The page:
Giovanni Baglione: (1566–December 30, 1643), was an Italian early baroque painter and historian of art.
A pupil of Francesco Morelli, he worked mainly in Rome, initially with a late-Mannerist style.
He was notorious for his animosity towards Caravaggio, whose style had influenced him much. The latter was forced to leave the city after Baglione's accusations of sodomy. Baglione's Sacred love versus profane love, a response to Caravaggio's Love Victorious, shows an angel (Sacred Love) interrupting a 'meeting' between Cupid (Profane Love) and the Devil (portrayed with the face of Caravaggio).
His main works are frescoes which can be seen in the Santa Maria Maggiore in Rome, in the Cappella Borghese. For the church of Santa Maria dell'Orto he painted in the chapel of Our Lady with the Zuccheri scenes from the life of the Blessed Virgin. Among other works which he executed for this church is a painting of Saint Sebastian. An excellent example of Baglione's work is The Last Supper at San Nicola in Carcere. From his brush also there is a Saint Stephen in the Cathedral at Perugia, and in that of Loreto a Saint Catherine. Pope Paul V knighted Baglione a Knight of the Order of Christ for his painting of Saint Peter Raising Tabitha from the Dead (1607) in St. Peter's Basilica.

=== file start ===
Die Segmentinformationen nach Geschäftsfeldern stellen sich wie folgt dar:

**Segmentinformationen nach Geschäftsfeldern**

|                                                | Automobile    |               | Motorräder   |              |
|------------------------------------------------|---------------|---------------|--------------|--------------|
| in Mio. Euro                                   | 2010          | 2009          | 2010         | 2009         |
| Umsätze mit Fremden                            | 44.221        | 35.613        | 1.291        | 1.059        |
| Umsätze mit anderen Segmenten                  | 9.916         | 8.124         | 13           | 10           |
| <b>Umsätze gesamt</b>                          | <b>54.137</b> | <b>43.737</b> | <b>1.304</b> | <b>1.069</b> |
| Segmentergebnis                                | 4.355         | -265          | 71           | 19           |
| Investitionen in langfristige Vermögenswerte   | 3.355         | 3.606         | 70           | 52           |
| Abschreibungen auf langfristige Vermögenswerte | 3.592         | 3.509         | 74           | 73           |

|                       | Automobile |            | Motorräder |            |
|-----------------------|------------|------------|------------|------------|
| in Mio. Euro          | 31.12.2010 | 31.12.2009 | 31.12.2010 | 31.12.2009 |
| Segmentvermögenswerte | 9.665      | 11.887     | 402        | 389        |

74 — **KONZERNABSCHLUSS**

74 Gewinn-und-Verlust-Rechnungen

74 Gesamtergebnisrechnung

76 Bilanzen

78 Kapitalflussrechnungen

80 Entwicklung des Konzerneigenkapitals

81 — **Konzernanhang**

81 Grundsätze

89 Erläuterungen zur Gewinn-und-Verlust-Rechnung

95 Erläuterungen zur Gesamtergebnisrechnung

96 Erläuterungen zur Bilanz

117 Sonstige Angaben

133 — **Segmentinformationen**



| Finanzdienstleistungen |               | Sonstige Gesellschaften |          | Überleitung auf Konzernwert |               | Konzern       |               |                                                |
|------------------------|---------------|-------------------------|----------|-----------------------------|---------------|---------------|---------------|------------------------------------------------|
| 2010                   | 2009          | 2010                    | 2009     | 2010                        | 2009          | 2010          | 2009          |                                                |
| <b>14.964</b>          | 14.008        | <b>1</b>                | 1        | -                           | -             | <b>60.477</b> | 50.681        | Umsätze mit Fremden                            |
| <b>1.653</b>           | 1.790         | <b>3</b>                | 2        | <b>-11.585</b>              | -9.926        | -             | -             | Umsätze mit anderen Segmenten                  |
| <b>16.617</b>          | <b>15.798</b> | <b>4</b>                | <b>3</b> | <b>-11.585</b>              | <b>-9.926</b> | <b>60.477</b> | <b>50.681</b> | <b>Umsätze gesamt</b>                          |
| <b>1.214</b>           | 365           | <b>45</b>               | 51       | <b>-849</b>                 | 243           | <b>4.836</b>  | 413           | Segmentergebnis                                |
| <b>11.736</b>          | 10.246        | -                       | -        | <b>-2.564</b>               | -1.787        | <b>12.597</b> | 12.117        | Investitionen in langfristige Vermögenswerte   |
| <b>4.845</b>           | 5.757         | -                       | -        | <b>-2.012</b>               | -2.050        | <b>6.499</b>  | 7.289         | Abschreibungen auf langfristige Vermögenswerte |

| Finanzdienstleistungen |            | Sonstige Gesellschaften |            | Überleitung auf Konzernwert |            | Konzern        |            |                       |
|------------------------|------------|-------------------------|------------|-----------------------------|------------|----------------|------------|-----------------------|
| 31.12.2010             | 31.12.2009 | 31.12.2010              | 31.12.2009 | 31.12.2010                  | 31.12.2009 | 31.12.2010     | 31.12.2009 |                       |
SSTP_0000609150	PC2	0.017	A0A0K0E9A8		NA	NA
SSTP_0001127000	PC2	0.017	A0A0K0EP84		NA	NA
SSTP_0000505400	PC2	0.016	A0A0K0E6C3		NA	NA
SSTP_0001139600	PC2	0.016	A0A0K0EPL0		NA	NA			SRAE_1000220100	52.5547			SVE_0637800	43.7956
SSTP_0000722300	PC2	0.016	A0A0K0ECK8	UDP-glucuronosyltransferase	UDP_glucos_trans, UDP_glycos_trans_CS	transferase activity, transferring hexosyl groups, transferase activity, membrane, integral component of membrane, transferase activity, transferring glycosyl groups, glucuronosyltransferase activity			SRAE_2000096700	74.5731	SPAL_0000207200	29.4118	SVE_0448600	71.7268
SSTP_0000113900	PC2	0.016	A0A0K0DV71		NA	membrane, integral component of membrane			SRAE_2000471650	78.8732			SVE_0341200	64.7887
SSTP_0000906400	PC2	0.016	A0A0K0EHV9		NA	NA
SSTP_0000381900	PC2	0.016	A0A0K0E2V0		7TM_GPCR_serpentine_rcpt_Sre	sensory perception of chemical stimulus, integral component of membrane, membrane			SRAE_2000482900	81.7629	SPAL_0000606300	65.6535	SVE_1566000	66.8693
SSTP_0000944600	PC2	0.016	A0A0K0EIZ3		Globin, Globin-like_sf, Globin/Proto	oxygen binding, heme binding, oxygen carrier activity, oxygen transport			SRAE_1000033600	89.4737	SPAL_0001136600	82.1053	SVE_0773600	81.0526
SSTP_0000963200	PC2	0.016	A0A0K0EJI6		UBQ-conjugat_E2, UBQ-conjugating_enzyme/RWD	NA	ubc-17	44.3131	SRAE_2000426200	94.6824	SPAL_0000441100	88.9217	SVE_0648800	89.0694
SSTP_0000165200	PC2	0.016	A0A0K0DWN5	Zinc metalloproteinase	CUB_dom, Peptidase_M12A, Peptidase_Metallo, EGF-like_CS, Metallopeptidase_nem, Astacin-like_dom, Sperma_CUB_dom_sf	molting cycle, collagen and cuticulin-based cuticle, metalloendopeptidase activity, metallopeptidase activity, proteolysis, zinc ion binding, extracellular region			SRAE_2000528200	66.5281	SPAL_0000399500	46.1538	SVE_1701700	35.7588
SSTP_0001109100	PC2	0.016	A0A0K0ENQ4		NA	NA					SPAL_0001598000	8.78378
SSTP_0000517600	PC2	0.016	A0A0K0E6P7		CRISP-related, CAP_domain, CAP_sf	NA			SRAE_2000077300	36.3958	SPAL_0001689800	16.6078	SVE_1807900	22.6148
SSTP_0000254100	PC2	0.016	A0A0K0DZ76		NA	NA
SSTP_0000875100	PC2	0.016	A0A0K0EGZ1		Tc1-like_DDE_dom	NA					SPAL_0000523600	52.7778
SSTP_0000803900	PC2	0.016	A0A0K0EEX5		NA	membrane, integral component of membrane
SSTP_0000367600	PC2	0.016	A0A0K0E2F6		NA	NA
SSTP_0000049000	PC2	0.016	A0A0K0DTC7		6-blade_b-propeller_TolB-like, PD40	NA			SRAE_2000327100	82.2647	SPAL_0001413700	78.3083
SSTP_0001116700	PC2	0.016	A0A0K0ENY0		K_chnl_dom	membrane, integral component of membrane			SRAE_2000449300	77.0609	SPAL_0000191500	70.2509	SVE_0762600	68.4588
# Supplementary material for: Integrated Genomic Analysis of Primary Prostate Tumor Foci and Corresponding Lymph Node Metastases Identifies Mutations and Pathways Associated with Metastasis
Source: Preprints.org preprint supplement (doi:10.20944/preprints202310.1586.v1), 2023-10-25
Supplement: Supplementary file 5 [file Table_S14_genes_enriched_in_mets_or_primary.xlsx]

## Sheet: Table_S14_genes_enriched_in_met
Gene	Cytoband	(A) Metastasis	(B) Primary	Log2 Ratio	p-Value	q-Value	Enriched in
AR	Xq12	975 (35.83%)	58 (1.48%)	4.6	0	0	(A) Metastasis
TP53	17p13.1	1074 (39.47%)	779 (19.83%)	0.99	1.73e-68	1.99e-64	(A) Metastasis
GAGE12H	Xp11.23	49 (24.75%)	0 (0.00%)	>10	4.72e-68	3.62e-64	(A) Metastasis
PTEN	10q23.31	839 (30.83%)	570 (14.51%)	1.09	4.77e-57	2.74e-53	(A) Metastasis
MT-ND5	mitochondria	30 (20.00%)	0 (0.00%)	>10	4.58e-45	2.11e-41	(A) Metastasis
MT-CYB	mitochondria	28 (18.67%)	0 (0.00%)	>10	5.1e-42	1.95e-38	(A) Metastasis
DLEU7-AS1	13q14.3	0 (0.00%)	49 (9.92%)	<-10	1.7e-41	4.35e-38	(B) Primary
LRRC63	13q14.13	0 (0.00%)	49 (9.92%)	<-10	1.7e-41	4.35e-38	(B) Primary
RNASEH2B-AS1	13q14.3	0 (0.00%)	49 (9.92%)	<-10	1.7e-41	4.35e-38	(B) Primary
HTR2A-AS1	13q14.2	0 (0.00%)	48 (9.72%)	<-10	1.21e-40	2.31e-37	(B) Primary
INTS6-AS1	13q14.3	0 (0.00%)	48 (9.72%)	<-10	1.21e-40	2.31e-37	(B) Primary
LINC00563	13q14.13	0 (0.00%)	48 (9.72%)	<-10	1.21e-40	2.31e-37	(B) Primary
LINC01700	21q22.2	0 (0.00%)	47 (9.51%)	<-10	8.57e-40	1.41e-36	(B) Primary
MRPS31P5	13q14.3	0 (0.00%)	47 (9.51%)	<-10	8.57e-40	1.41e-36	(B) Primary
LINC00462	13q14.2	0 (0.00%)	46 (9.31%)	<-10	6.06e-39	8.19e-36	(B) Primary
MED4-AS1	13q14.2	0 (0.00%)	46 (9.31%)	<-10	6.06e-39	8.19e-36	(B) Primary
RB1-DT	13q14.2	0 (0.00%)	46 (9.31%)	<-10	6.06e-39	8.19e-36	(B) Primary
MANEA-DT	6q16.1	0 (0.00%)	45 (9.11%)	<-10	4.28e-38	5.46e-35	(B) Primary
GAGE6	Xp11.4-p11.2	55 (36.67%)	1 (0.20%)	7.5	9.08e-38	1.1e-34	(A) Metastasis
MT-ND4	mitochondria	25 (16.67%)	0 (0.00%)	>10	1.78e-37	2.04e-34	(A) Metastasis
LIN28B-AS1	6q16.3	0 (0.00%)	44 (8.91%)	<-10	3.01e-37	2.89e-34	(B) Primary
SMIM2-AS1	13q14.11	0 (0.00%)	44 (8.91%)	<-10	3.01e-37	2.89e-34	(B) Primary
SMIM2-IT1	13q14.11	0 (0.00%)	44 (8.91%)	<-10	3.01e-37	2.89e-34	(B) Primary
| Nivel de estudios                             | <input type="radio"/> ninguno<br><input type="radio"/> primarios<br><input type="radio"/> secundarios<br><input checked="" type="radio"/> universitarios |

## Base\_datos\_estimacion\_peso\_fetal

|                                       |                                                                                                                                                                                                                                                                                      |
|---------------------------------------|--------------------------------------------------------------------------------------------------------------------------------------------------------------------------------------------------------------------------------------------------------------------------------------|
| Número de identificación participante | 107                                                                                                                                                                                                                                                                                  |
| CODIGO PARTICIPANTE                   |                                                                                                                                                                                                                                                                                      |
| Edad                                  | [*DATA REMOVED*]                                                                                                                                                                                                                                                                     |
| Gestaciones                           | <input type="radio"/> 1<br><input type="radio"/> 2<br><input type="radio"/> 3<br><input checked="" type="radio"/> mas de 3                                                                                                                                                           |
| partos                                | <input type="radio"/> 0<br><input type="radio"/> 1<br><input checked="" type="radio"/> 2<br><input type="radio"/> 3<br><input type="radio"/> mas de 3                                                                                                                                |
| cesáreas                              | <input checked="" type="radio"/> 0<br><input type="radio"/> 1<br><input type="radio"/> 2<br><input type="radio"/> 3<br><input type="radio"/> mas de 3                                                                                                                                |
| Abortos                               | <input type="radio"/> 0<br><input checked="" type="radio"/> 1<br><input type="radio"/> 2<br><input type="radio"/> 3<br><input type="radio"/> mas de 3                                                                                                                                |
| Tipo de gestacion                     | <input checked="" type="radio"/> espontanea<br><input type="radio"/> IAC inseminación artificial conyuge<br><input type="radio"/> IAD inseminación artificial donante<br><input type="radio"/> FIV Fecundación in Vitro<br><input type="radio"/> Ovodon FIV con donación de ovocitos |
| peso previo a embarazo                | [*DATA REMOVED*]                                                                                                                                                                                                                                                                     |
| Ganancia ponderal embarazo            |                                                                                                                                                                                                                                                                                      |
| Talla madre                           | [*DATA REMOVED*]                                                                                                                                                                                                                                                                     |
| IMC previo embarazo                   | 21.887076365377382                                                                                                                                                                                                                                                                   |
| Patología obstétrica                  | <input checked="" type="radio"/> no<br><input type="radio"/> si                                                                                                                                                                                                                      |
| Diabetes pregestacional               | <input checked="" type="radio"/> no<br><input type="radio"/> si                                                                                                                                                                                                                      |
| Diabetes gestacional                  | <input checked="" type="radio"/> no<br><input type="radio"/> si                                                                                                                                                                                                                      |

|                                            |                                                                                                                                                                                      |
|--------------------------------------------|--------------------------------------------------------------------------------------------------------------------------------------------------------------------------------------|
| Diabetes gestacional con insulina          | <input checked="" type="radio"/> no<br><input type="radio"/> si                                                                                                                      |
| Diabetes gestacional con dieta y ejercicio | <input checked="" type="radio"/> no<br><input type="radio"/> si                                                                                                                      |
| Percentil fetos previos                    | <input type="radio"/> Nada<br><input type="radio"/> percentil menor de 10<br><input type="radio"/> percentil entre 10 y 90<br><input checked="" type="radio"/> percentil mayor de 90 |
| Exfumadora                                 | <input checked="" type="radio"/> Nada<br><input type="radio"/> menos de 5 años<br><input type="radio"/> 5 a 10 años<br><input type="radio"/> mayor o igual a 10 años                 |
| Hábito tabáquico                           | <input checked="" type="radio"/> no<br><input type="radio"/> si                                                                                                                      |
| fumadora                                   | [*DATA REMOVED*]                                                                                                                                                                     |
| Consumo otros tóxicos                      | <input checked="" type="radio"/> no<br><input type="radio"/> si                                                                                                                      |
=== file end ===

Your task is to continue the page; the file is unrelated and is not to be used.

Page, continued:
He published two books, The nine churches of Rome (1639) and The Lives of Painters, Sculptors, Architects and Engravers (active from 1572-1642)(1642). The last title is still seen as an important historical source for painters living in Rome during the life of Baglione.